Fresh crowded classes scandal - now it's the infants

Political dogma combines with the baby boom to create huge rise in primary-school crush

The number of children in infant classes larger than 30 has more than doubled under the coalition Government, official figures revealed yesterday.

Nearly 72,000 pupils aged five to seven are being taught in oversized classes, an increase from 31,265 in 2010, the Department for Education's own data shows. The largest rise came between 2012 and this year, from 47,290 in classes over 30, soaring to 71,935 today.

The figures illustrate the pressure on parents and schools as the number of new classrooms are not keeping pace with the ballooning population, which is growing faster than at any time since the 1950s. Michael Gove, the Education Secretary, ended the limit of one year that a class can remain above 30, and David Cameron has refused to rule out further extensions because of shortages. Money for new classrooms in high-demand areas has been cut, yet at the same time a third of new free schools are being planned where there is already a surplus of places.

While the proportion of pupils is small, and has increased from 2.2 per cent in 2010 to 4.6 per cent of the total children at key stage one, the numbers are nevertheless large and will be alarming to parents.

Experts warn that large class sizes hamper children's ability to learn, particularly at the young ages where pupils' attention is more difficult to hold. The figures apply to all state-funded key stage one classes, including those in academies and free schools.

In areas of acute demand, temporary classrooms are being established to cope with "bulge" years as the effects of a 60 per cent cut in capital spending on education in the 2010 spending review are being felt.

The shadow Education Secretary, Stephen Twigg, said yesterday: "David Cameron and Michael Gove are presiding over a primary school crisis. There is a huge shortfall in school places, and now class sizes are rising again. Tens of thousands of young children are now in large classes, breaching the limits Labour had in place since Michael Gove relaxed the rules."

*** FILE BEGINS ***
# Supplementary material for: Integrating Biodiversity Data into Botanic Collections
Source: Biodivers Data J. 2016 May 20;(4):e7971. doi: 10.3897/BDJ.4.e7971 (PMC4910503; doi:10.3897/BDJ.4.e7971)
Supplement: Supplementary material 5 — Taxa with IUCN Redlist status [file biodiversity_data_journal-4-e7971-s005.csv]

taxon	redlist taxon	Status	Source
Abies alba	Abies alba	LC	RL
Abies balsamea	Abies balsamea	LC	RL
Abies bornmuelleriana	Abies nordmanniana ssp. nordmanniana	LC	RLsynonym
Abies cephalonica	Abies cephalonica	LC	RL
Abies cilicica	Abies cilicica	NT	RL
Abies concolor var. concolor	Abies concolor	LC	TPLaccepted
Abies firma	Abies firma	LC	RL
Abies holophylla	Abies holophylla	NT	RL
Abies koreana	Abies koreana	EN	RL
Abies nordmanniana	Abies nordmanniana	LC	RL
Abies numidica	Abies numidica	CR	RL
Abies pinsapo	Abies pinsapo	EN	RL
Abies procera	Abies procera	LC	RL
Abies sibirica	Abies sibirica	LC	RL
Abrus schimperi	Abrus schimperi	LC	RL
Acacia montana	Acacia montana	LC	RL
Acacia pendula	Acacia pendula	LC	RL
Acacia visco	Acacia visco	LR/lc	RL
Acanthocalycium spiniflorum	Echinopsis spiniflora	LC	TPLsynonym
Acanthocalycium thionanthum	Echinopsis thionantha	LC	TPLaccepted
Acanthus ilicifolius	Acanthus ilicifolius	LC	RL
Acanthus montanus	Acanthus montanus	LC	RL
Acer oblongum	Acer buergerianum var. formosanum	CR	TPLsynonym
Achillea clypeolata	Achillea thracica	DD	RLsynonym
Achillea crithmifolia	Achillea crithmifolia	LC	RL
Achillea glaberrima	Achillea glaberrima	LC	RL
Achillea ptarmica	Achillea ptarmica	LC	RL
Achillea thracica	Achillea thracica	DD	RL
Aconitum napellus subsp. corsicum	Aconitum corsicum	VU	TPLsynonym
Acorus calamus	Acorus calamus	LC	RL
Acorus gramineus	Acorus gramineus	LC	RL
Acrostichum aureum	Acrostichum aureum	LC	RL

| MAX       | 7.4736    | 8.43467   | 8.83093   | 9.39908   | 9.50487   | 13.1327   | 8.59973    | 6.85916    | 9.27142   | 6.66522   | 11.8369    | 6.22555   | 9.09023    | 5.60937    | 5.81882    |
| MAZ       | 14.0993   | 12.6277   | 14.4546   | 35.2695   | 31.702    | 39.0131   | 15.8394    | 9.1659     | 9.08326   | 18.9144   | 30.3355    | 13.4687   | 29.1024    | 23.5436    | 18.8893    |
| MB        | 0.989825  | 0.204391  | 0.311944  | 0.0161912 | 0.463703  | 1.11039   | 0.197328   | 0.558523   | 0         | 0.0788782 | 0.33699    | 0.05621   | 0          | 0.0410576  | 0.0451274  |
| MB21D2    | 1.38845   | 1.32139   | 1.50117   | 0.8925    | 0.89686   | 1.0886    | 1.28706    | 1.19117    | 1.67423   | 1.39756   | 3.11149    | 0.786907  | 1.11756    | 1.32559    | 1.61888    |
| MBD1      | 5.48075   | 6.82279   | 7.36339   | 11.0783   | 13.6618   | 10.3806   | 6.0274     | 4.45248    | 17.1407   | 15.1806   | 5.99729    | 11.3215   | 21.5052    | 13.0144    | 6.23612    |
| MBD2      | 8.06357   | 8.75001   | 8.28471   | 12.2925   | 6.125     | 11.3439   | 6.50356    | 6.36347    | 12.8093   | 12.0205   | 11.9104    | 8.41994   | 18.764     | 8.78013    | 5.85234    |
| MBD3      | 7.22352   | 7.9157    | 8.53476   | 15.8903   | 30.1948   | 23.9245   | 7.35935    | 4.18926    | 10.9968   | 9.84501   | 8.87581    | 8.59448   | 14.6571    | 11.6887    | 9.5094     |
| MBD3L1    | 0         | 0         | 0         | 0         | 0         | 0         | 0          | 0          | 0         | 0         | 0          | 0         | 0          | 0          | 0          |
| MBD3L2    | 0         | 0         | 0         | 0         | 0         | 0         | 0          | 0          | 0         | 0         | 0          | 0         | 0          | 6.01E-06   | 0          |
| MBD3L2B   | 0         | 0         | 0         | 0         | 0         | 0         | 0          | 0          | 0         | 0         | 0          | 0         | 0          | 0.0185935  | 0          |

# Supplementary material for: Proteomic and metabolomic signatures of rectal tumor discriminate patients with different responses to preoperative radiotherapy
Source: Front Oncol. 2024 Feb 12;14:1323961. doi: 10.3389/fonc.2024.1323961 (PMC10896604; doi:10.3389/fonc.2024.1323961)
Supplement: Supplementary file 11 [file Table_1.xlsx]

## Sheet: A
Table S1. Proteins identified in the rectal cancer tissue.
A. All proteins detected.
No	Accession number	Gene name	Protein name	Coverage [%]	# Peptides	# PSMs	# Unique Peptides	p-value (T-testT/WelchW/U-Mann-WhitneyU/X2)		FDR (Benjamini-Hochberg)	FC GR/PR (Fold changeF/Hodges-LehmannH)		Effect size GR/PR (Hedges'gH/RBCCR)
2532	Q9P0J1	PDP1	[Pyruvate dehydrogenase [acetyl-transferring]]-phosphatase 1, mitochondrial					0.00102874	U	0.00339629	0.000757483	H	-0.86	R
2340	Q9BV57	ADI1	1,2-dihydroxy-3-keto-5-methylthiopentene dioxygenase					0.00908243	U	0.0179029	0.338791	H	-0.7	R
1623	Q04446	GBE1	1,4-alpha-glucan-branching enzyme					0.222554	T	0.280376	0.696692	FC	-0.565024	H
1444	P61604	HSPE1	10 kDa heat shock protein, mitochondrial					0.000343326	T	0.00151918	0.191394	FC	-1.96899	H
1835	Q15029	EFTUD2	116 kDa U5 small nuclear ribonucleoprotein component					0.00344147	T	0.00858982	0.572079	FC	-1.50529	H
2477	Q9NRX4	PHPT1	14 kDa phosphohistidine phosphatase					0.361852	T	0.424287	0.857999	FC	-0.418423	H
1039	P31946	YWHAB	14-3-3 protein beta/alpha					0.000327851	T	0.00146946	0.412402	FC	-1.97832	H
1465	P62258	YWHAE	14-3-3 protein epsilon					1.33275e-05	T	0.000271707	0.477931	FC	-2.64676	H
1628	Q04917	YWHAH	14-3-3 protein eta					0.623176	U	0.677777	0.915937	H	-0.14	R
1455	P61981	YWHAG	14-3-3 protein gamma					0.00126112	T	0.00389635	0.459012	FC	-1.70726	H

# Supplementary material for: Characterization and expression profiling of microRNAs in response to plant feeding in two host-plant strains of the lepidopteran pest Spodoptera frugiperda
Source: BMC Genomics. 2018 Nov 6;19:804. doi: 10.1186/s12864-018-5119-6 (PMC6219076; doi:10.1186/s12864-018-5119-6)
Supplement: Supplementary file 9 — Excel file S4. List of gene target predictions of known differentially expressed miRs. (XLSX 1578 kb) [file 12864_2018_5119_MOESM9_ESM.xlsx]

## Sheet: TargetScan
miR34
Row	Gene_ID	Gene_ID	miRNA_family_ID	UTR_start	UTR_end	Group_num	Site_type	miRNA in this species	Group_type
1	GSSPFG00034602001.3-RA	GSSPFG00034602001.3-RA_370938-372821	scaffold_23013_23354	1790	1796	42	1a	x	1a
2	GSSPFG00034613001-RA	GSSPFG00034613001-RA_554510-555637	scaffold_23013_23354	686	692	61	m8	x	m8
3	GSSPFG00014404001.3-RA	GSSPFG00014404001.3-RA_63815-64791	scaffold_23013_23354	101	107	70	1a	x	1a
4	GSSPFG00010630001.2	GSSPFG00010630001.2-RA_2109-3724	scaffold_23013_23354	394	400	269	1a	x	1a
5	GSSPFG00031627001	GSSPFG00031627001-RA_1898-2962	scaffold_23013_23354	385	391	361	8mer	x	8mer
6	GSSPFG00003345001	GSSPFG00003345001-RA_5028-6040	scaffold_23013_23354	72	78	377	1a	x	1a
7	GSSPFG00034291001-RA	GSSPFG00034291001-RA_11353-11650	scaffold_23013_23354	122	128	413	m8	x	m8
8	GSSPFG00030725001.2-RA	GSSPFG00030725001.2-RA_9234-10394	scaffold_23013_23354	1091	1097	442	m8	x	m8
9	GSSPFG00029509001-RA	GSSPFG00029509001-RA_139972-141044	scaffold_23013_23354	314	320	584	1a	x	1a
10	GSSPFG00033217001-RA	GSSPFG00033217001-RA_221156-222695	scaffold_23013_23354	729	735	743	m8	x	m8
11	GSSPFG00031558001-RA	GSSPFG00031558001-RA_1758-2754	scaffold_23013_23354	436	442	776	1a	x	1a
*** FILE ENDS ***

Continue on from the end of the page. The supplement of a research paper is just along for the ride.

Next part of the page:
Christine Blower, general secretary of the National Union of Teachers, said: "Instead of local authorities being funded to address the primary place shortage that is gripping many parts of the country, some councils are instead facing a growing and excessive surplus of unnecessary secondary school places because the Secretary of State has approved new secondary free schools in local areas in which there is demonstrably no need.

"Until the Government takes urgent steps to address this growing crisis, it will be extremely difficult to maintain a limit of 30 children in key stage one classes. This will have a direct impact on the teaching and learning of children."

A report from the Public Accounts Committee earlier this month warned: "In areas where there is pressure on school places and a shortage of suitable land, authorities may have to convert communal spaces and specialist areas (such as libraries or music rooms) into classrooms."

Barking and Dagenham Council is examining plans to rent out a former Woolworths store, an MFI warehouse and even a disused pub to cater for extra schoolchildren.

According to analysis by the Labour Party, there will be a shortfall of 120,000 primary school places this September. The National Audit Office predicts that the primary school population will rise from 3.97 million in 2011/12 to 4.2 million in 2013/14, based on the DfE's figures.

Mr Gove said: "Labour cut 200,000 primary places, slashed the amount spent on areas of population growth, and let immigration soar – and all this in the middle of a baby boom. The coalition government has, however, taken swift action to repair the damage. We have more than doubled funding for new school places."

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